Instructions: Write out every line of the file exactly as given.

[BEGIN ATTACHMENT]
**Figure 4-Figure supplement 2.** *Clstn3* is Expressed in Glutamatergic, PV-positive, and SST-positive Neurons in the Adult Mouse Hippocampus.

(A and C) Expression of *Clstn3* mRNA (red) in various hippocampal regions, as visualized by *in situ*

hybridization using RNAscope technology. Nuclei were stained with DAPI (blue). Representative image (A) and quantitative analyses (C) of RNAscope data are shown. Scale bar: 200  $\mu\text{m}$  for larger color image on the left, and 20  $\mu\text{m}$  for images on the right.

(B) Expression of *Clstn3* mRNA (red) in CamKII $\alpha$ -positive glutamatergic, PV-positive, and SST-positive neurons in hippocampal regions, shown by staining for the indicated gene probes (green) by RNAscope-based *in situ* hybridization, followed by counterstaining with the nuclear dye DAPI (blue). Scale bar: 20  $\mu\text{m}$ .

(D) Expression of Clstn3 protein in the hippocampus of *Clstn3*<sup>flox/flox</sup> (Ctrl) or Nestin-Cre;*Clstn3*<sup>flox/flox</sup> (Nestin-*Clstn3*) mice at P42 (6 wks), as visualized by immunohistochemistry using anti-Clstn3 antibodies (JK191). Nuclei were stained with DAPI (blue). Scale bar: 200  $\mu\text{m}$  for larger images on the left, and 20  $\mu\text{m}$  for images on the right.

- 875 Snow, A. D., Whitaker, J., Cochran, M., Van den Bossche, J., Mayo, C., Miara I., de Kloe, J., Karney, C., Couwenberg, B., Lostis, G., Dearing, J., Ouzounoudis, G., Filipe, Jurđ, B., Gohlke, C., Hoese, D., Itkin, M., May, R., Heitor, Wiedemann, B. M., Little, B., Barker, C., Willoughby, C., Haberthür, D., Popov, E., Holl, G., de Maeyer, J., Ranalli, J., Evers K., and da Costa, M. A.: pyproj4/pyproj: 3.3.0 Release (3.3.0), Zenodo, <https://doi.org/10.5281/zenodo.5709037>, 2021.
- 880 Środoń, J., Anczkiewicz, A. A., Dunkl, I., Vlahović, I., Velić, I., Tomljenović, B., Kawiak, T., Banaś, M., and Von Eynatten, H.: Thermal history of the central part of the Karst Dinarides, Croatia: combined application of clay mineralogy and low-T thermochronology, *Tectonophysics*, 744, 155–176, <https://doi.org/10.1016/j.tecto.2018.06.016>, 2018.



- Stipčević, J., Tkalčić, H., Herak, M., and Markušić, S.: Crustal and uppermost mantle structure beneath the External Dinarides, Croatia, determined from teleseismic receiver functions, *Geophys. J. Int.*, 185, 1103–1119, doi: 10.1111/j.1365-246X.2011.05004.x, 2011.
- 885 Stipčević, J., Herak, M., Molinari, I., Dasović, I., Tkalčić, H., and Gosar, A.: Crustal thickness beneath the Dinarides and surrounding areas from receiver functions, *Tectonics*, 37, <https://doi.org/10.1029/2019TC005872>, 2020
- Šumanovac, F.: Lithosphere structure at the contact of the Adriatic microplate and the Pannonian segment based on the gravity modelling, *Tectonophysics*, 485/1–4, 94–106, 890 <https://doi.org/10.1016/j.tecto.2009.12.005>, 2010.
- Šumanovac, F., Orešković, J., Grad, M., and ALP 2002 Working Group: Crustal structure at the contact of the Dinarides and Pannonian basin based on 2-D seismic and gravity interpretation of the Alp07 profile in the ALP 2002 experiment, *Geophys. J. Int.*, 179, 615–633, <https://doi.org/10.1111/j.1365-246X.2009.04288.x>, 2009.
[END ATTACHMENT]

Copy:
**Figure 4-Figure supplement 2.** *Clstn3* is Expressed in Glutamatergic, PV-positive, and SST-positive Neurons in the Adult Mouse Hippocampus.

(A and C) Expression of *Clstn3* mRNA (red) in various hippocampal regions, as visualized by *in situ*

hybridization using RNAscope technology. Nuclei were stained with DAPI (blue). Representative image (A) and quantitative analyses (C) of RNAscope data are shown. Scale bar: 200  $\mu\text{m}$  for larger color image on the left, and 20  $\mu\text{m}$  for images on the right.

(B) Expression of *Clstn3* mRNA (red) in CamKII $\alpha$ -positive glutamatergic, PV-positive, and SST-positive neurons in hippocampal regions, shown by staining for the indicated gene probes (green) by RNAscope-based *in situ* hybridization, followed by counterstaining with the nuclear dye DAPI (blue). Scale bar: 20  $\mu\text{m}$ .

(D) Expression of Clstn3 protein in the hippocampus of *Clstn3*<sup>flox/flox</sup> (Ctrl) or Nestin-Cre;*Clstn3*<sup>flox/flox</sup> (Nestin-*Clstn3*) mice at P42 (6 wks), as visualized by immunohistochemistry using anti-Clstn3 antibodies (JK191). Nuclei were stained with DAPI (blue). Scale bar: 200  $\mu\text{m}$  for larger images on the left, and 20  $\mu\text{m}$  for images on the right.

- 875 Snow, A. D., Whitaker, J., Cochran, M., Van den Bossche, J., Mayo, C., Miara I., de Kloe, J., Karney, C., Couwenberg, B., Lostis, G., Dearing, J., Ouzounoudis, G., Filipe, Jurđ, B., Gohlke, C., Hoese, D., Itkin, M., May, R., Heitor, Wiedemann, B. M., Little, B., Barker, C., Willoughby, C., Haberthür, D., Popov, E., Holl, G., de Maeyer, J., Ranalli, J., Evers K., and da Costa, M. A.: pyproj4/pyproj: 3.3.0 Release (3.3.0), Zenodo, <https://doi.org/10.5281/zenodo.5709037>, 2021.
- 880 Środoń, J., Anczkiewicz, A. A., Dunkl, I., Vlahović, I., Velić, I., Tomljenović, B., Kawiak, T., Banaś, M., and Von Eynatten, H.: Thermal history of the central part of the Karst Dinarides, Croatia: combined application of clay mineralogy and low-T thermochronology, *Tectonophysics*, 744, 155–176, <https://doi.org/10.1016/j.tecto.2018.06.016>, 2018.



- Stipčević, J., Tkalčić, H., Herak, M., and Markušić, S.: Crustal and uppermost mantle structure beneath the External Dinarides, Croatia, determined from teleseismic receiver functions, *Geophys. J. Int.*, 185, 1103–1119, doi: 10.1111/j.1365-246X.2011.05004.x, 2011.
- 885 Stipčević, J., Herak, M., Molinari, I., Dasović, I., Tkalčić, H., and Gosar, A.: Crustal thickness beneath the Dinarides and surrounding areas from receiver functions, *Tectonics*, 37, <https://doi.org/10.1029/2019TC005872>, 2020
- Šumanovac, F.: Lithosphere structure at the contact of the Adriatic microplate and the Pannonian segment based on the gravity modelling, *Tectonophysics*, 485/1–4, 94–106, 890 <https://doi.org/10.1016/j.tecto.2009.12.005>, 2010.
- Šumanovac, F., Orešković, J., Grad, M., and ALP 2002 Working Group: Crustal structure at the contact of the Dinarides and Pannonian basin based on 2-D seismic and gravity interpretation of the Alp07 profile in the ALP 2002 experiment, *Geophys. J. Int.*, 179, 615–633, <https://doi.org/10.1111/j.1365-246X.2009.04288.x>, 2009.